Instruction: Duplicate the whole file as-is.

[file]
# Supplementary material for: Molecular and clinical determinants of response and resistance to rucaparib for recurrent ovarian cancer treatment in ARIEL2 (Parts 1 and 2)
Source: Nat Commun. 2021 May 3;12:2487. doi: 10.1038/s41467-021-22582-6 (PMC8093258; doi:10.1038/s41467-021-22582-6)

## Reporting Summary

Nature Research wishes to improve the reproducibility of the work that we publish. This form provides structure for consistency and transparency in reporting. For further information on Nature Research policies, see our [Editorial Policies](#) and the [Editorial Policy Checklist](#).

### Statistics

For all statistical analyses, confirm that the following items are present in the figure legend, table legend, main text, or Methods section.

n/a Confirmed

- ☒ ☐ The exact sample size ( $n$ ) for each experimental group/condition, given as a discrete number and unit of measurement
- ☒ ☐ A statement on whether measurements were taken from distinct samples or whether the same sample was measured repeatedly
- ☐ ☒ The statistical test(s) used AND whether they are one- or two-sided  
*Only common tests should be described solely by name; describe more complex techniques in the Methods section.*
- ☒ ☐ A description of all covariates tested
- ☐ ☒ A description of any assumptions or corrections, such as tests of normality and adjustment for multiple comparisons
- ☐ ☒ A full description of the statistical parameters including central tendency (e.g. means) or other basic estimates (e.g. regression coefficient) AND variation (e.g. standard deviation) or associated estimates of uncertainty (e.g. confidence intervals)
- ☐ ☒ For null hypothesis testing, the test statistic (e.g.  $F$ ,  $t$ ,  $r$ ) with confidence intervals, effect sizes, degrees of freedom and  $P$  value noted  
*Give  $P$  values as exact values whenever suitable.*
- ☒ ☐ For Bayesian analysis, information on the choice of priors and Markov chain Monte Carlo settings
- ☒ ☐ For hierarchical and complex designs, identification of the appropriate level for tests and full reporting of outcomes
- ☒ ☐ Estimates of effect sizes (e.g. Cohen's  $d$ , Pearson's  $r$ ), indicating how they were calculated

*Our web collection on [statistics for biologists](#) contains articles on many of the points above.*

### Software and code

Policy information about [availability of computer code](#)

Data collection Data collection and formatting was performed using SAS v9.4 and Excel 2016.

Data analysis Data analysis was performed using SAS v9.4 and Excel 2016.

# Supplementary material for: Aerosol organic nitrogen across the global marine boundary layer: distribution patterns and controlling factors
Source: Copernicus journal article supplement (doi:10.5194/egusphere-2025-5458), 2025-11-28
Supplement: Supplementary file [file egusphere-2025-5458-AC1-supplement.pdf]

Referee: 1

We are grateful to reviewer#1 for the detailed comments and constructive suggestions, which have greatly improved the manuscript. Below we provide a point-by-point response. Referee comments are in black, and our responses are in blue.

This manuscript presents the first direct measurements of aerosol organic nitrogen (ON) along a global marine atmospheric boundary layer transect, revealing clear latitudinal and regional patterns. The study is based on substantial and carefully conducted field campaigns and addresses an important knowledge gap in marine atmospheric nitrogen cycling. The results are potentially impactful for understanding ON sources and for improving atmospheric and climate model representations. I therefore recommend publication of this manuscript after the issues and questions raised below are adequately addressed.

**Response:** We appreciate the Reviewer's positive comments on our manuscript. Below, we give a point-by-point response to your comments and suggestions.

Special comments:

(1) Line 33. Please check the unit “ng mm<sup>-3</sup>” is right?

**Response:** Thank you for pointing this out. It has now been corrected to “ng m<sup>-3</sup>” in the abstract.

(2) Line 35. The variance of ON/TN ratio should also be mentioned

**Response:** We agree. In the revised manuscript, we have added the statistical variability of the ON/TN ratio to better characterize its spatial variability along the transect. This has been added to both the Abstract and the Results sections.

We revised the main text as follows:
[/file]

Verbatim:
# Supplementary material for: Molecular and clinical determinants of response and resistance to rucaparib for recurrent ovarian cancer treatment in ARIEL2 (Parts 1 and 2)
Source: Nat Commun. 2021 May 3;12:2487. doi: 10.1038/s41467-021-22582-6 (PMC8093258; doi:10.1038/s41467-021-22582-6)

## Reporting Summary

Nature Research wishes to improve the reproducibility of the work that we publish. This form provides structure for consistency and transparency in reporting. For further information on Nature Research policies, see our [Editorial Policies](#) and the [Editorial Policy Checklist](#).

### Statistics

For all statistical analyses, confirm that the following items are present in the figure legend, table legend, main text, or Methods section.

n/a Confirmed

- ☒ ☐ The exact sample size ( $n$ ) for each experimental group/condition, given as a discrete number and unit of measurement
- ☒ ☐ A statement on whether measurements were taken from distinct samples or whether the same sample was measured repeatedly
- ☐ ☒ The statistical test(s) used AND whether they are one- or two-sided  
*Only common tests should be described solely by name; describe more complex techniques in the Methods section.*
- ☒ ☐ A description of all covariates tested
- ☐ ☒ A description of any assumptions or corrections, such as tests of normality and adjustment for multiple comparisons
- ☐ ☒ A full description of the statistical parameters including central tendency (e.g. means) or other basic estimates (e.g. regression coefficient) AND variation (e.g. standard deviation) or associated estimates of uncertainty (e.g. confidence intervals)
- ☐ ☒ For null hypothesis testing, the test statistic (e.g.  $F$ ,  $t$ ,  $r$ ) with confidence intervals, effect sizes, degrees of freedom and  $P$  value noted  
*Give  $P$  values as exact values whenever suitable.*
- ☒ ☐ For Bayesian analysis, information on the choice of priors and Markov chain Monte Carlo settings
- ☒ ☐ For hierarchical and complex designs, identification of the appropriate level for tests and full reporting of outcomes
- ☒ ☐ Estimates of effect sizes (e.g. Cohen's  $d$ , Pearson's  $r$ ), indicating how they were calculated

*Our web collection on [statistics for biologists](#) contains articles on many of the points above.*

### Software and code

Policy information about [availability of computer code](#)

Data collection Data collection and formatting was performed using SAS v9.4 and Excel 2016.

Data analysis Data analysis was performed using SAS v9.4 and Excel 2016.

# Supplementary material for: Aerosol organic nitrogen across the global marine boundary layer: distribution patterns and controlling factors
Source: Copernicus journal article supplement (doi:10.5194/egusphere-2025-5458), 2025-11-28
Supplement: Supplementary file [file egusphere-2025-5458-AC1-supplement.pdf]

Referee: 1

We are grateful to reviewer#1 for the detailed comments and constructive suggestions, which have greatly improved the manuscript. Below we provide a point-by-point response. Referee comments are in black, and our responses are in blue.

This manuscript presents the first direct measurements of aerosol organic nitrogen (ON) along a global marine atmospheric boundary layer transect, revealing clear latitudinal and regional patterns. The study is based on substantial and carefully conducted field campaigns and addresses an important knowledge gap in marine atmospheric nitrogen cycling. The results are potentially impactful for understanding ON sources and for improving atmospheric and climate model representations. I therefore recommend publication of this manuscript after the issues and questions raised below are adequately addressed.

**Response:** We appreciate the Reviewer's positive comments on our manuscript. Below, we give a point-by-point response to your comments and suggestions.

Special comments:

(1) Line 33. Please check the unit “ng mm<sup>-3</sup>” is right?

**Response:** Thank you for pointing this out. It has now been corrected to “ng m<sup>-3</sup>” in the abstract.

(2) Line 35. The variance of ON/TN ratio should also be mentioned

**Response:** We agree. In the revised manuscript, we have added the statistical variability of the ON/TN ratio to better characterize its spatial variability along the transect. This has been added to both the Abstract and the Results sections.

We revised the main text as follows: